Trump had signed executive orders and memoranda days after taking office that were designed to move forward both the Keystone XL and Dakota Access Pipeline (DAPL). Soon afterward the U.S. Army Corps of Engineers gave Energy Transfer Partners the last permit it needed to drill under the Missouri River at Lake Oahe. And on Friday March 24, U.S. Undersecretary of State for Political Affairs Tom Shannon signed a permit for TransCanada “to construct, connect, operate, and maintain pipeline facilities at the U.S.-Canadian border in Phillips County, Montana for the importation of crude oil,” according to a State Department press release. (Newly appointed Secretary of State Rex Tillerson, the former CEO of Exxon Mobil, had recused himself from the decision, according to McClatchy newswire.)

“Today we begin to make things right,” Trump said on Friday March 24, according to The New York Times.

The Standing Rock Sioux Tribe said the approval would do anything but. Chairman David Archambault II decried the Keystone XL approval and vowed that the tribe would fight it as vociferously as it had stood ground against DAPL.

“Once again, the treaty lands of the Great Sioux Nation are threatened by Keystone—a perilous pipeline,” Archambault said in a statement. “President Trump has described the proposed pipeline as ‘the greatest technology known to man or woman.’ If that is the case, then I would encourage him to do some research and look at the number of oil spills we’ve experienced throughout this country, the levels of water pollution, and the science behind climate change. This is not the way of the future.”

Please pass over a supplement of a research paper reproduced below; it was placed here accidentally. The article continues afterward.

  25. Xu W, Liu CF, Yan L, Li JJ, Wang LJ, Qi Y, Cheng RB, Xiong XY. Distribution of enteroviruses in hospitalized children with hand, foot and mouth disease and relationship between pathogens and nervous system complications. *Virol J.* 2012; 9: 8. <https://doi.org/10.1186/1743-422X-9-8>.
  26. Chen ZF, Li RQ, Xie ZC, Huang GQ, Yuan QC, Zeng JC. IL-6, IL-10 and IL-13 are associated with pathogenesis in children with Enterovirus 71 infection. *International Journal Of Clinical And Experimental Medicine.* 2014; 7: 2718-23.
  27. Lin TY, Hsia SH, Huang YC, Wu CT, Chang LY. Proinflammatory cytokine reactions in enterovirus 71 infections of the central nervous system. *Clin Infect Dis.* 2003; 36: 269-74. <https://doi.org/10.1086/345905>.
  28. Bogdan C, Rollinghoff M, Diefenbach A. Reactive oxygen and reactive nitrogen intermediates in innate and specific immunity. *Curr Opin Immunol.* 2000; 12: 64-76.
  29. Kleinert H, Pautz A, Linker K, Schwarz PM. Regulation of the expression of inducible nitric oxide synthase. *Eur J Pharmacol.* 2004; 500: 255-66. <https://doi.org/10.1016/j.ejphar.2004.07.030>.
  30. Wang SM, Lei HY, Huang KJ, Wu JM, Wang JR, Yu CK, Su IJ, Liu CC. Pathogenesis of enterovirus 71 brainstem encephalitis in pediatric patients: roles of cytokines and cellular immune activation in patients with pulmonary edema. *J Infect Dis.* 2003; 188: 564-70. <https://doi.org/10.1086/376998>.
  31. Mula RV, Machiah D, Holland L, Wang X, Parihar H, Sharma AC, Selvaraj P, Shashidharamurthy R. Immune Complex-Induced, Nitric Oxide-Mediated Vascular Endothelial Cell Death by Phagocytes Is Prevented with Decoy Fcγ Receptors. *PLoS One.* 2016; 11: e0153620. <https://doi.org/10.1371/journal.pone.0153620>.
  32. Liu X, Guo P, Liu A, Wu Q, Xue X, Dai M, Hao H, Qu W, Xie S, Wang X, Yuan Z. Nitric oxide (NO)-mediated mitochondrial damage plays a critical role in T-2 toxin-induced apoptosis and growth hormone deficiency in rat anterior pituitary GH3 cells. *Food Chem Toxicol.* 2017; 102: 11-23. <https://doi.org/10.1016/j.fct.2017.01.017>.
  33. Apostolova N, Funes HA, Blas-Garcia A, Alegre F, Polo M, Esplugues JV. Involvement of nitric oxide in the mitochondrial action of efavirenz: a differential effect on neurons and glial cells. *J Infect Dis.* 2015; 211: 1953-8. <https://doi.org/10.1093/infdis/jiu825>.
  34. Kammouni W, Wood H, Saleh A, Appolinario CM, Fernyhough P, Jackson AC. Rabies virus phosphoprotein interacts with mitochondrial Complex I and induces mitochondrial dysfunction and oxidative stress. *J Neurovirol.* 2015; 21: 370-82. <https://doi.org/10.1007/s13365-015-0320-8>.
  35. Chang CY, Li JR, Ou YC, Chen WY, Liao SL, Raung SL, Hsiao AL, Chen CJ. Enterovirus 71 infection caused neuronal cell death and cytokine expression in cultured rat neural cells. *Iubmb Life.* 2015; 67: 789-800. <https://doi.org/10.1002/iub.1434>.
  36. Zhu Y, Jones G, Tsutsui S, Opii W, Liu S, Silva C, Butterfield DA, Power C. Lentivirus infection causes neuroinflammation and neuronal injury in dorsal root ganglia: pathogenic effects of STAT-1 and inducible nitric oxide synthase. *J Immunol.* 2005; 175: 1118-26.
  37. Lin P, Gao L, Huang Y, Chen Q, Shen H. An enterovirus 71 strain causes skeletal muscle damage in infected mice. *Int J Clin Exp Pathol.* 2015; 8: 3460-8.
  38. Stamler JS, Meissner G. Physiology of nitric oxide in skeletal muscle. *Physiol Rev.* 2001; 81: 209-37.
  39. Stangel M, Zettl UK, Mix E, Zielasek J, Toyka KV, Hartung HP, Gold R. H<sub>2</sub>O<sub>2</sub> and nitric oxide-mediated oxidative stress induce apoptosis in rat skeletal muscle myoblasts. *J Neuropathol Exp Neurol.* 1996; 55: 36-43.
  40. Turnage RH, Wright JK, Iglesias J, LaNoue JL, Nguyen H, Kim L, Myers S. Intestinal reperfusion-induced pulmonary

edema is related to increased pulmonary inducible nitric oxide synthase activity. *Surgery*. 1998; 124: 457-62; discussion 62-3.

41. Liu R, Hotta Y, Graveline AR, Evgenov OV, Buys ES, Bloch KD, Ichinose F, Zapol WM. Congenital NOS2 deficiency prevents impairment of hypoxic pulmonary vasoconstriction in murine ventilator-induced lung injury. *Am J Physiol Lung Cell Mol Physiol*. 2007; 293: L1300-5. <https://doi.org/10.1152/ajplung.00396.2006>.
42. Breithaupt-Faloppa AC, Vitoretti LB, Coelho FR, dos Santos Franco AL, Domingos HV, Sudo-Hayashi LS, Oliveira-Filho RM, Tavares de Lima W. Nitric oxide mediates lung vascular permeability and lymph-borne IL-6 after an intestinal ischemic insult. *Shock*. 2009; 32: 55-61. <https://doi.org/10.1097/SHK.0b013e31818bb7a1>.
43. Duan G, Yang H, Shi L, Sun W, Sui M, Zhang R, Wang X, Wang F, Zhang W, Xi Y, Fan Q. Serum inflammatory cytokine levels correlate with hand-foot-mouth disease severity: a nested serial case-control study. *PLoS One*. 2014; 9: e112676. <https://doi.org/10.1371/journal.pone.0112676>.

The $8 billion pipeline is slated to transport up to 830,000 barrels per day of viscous bitumen from the Alberta Oil Sands in Canada, to the U.S. and eventually to the Gulf Coast for likely export. Given the need to reduce fossil fuel extraction and consumption, Obama in 2015 declared it was not in the best interests of the United States.

The project has been hit with resistance in both the U.S. and Canada.

“Governments should be supporting action to fight climate change and support Indigenous rights, not trying to ram through projects like the Keystone XL tar sands pipeline,” said Assembly of First Nations (AFN) Manitoba Regional Chief Kevin Hart in a statement from the Treaty Alliance Against Tar Sands Expansion, a consortium of 122 First Nations and tribes on both sides of the border. “Indigenous peoples across the continent will stand together to protect our rights and our traditional territories.”